In the 1970s the UK population was far slimmer than it is now
Getting back to the relatively slim, trim days of the 1970s would help to tackle climate change, researchers say.
The rising numbers of people who are overweight and obese in the UK means the nation uses 19% more food than 40 years ago, a study suggests.
That could equate to an extra 60 mega-tonnes of greenhouse gas emissions a year, the team calculated.
Transport costs of a fatter population were also included in the International Journal of Epidemiology study.
Dr Phil Edwards, study leader and researcher at the London School of Hygiene and Tropical Medicine, said they had set out to calculate what the UK energy consumption would be if the weight of the population was put back a few decades.
A "normal" adult population, where only 3.5% are classed as obese, was compared with a population where 40% are obese.
These populations reflect the proportions of overweight and obese people living in the UK in the 1970s - and what is predicted for the UK in 2010, the researchers said.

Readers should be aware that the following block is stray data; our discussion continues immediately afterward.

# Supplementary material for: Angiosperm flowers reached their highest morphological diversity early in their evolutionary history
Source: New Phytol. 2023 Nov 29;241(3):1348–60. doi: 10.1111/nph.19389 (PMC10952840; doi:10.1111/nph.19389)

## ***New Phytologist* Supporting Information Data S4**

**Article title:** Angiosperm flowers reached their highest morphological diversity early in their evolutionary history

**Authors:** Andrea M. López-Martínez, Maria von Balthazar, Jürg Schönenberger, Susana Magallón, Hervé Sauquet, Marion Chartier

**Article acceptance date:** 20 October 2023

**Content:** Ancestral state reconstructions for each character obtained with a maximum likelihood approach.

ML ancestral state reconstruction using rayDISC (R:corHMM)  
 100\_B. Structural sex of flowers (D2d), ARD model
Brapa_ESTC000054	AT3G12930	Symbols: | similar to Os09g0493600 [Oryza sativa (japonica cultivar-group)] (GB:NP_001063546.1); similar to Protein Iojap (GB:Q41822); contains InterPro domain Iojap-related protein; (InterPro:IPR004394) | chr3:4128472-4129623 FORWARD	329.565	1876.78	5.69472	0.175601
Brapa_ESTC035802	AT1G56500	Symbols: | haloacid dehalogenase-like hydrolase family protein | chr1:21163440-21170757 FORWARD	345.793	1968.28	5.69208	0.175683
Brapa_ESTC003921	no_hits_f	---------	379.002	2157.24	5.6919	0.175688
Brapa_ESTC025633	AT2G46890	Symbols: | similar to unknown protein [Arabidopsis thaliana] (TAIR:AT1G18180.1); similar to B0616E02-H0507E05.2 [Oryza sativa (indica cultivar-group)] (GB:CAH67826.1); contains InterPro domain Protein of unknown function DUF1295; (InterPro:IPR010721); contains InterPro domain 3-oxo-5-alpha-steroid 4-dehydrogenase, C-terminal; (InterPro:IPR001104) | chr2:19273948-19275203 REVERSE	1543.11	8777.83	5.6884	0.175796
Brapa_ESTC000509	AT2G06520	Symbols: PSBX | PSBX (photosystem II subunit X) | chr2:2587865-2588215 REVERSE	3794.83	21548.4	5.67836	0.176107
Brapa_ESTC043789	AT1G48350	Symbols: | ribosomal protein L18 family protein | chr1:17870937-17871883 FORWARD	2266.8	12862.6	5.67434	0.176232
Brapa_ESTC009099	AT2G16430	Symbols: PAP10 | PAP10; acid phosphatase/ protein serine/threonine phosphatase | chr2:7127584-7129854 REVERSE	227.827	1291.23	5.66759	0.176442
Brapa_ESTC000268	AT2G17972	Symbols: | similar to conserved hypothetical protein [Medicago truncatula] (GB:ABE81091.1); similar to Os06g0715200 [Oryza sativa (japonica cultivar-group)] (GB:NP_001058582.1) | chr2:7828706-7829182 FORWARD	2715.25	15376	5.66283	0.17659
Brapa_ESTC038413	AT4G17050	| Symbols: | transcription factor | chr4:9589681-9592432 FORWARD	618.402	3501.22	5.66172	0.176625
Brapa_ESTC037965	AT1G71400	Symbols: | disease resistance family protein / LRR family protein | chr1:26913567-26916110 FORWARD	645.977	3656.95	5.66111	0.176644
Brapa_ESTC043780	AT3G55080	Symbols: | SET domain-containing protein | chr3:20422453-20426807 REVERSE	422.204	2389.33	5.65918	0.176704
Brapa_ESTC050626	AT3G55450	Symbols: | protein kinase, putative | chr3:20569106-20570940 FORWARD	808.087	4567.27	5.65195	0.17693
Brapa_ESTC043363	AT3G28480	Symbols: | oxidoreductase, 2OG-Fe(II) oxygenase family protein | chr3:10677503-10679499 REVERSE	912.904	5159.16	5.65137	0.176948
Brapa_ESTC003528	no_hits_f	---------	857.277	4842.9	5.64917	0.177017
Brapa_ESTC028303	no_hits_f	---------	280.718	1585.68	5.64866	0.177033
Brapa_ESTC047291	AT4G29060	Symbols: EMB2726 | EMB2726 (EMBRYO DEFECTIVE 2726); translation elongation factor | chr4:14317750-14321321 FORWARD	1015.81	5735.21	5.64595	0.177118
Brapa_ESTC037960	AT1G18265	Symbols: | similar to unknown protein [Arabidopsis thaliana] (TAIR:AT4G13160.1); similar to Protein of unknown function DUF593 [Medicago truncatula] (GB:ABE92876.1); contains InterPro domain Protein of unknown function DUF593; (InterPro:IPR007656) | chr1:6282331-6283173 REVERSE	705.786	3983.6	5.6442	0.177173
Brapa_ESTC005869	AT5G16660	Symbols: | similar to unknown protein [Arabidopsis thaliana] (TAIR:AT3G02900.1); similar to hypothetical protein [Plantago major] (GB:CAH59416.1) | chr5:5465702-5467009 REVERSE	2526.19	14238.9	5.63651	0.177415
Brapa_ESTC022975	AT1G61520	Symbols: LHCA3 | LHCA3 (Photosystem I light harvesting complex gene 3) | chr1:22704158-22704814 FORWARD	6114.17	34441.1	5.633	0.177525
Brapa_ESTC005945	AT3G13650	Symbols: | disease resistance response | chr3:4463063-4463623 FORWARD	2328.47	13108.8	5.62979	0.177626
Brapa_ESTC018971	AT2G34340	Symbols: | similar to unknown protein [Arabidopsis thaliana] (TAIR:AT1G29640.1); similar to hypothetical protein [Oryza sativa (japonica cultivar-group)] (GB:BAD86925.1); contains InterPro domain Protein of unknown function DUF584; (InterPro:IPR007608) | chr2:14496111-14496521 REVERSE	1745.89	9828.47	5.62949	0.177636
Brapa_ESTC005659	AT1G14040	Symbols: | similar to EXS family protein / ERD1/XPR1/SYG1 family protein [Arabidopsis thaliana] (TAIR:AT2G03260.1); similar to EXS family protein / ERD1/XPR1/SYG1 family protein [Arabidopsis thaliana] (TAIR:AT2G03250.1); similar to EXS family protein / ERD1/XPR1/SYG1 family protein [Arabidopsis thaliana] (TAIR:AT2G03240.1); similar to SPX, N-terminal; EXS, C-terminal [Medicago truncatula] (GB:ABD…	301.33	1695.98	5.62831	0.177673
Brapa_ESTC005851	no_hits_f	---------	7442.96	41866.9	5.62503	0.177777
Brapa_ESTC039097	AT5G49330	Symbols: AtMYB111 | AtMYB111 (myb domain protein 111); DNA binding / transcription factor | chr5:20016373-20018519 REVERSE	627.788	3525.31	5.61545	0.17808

In addition to calculating the increased food costs of the heavier population, the team worked out how much additional fuel would be needed for transportation of modern-day UK compared with the 1970s version.
Greenhouse gas emissions from food production and car travel in the fatter population would be between 0.4 to 1 giga-tonnes higher per 1bn people, they estimated.
And people are generally bigger than they were three decades ago.
Between 1994 and 2004, the average male body mass index (BMI) in England increased from 26 to 27.3, with the average female BMI rising from 25.8 to 26.9 which equates to about 3 kg - or half a stone - heavier.
"This is not really just about obese people, the distribution of the whole population is what's important," said Dr Edwards.
"Everybody is getting a bit fatter."
"Staying slim is good for health and for the environment.
"We need to be doing a lot more to reverse the global trend towards fatness, and recognise it as a key factor in the battle to reduce emissions and slow climate change."
It is not just a UK issue - in nearly every country in the world, the average BMI is rising.
Professor Alan Maryon-Davis, president of the Faculty of Public Health said shifting the population weight distribution back to that of the 1970s would do quite a lot to help the planet.
"In the 1970s we had bigger portions of vegetables and smaller portions of meat and there's been a shift in the amount of exercise we do.
"All these things are combining to hurt the planet and this is a calculation that deserves a bit more attention," he said.